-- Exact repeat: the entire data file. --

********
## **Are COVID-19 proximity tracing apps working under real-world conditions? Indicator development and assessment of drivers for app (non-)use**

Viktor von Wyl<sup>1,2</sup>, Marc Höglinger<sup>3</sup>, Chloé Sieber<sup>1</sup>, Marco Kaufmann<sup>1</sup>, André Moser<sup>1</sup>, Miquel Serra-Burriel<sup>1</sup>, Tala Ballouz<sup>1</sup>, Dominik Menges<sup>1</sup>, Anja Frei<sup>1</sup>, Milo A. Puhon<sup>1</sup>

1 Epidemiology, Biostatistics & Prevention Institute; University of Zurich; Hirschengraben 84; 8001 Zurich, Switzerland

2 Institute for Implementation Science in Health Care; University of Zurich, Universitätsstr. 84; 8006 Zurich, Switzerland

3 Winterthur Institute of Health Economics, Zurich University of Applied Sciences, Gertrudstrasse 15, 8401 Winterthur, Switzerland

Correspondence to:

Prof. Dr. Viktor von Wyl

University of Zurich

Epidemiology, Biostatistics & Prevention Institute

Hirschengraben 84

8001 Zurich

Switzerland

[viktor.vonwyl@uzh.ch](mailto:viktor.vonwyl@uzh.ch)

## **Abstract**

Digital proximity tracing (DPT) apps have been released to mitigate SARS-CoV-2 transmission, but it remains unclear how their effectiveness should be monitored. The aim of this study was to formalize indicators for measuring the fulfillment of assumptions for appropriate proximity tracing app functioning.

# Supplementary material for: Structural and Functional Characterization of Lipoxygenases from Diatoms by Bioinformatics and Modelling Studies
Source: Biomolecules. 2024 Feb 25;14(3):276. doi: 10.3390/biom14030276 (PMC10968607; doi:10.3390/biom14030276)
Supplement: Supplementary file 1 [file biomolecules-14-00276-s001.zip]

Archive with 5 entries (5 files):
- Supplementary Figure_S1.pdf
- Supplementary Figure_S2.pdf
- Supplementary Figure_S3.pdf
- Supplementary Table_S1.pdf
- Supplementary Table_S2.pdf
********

## **Are COVID-19 proximity tracing apps working under real-world conditions? Indicator development and assessment of drivers for app (non-)use**

Viktor von Wyl<sup>1,2</sup>, Marc Höglinger<sup>3</sup>, Chloé Sieber<sup>1</sup>, Marco Kaufmann<sup>1</sup>, André Moser<sup>1</sup>, Miquel Serra-Burriel<sup>1</sup>, Tala Ballouz<sup>1</sup>, Dominik Menges<sup>1</sup>, Anja Frei<sup>1</sup>, Milo A. Puhon<sup>1</sup>

1 Epidemiology, Biostatistics & Prevention Institute; University of Zurich; Hirschengraben 84; 8001 Zurich, Switzerland

2 Institute for Implementation Science in Health Care; University of Zurich, Universitätsstr. 84; 8006 Zurich, Switzerland

3 Winterthur Institute of Health Economics, Zurich University of Applied Sciences, Gertrudstrasse 15, 8401 Winterthur, Switzerland

Correspondence to:

Prof. Dr. Viktor von Wyl

University of Zurich

Epidemiology, Biostatistics & Prevention Institute

Hirschengraben 84

8001 Zurich

Switzerland

[viktor.vonwyl@uzh.ch](mailto:viktor.vonwyl@uzh.ch)

## **Abstract**

Digital proximity tracing (DPT) apps have been released to mitigate SARS-CoV-2 transmission, but it remains unclear how their effectiveness should be monitored. The aim of this study was to formalize indicators for measuring the fulfillment of assumptions for appropriate proximity tracing app functioning.

# Supplementary material for: Structural and Functional Characterization of Lipoxygenases from Diatoms by Bioinformatics and Modelling Studies
Source: Biomolecules. 2024 Feb 25;14(3):276. doi: 10.3390/biom14030276 (PMC10968607; doi:10.3390/biom14030276)
Supplement: Supplementary file 1 [file biomolecules-14-00276-s001.zip]

Archive with 5 entries (5 files):
- Supplementary Figure_S1.pdf
- Supplementary Figure_S2.pdf
- Supplementary Figure_S3.pdf
- Supplementary Table_S1.pdf
- Supplementary Table_S2.pdf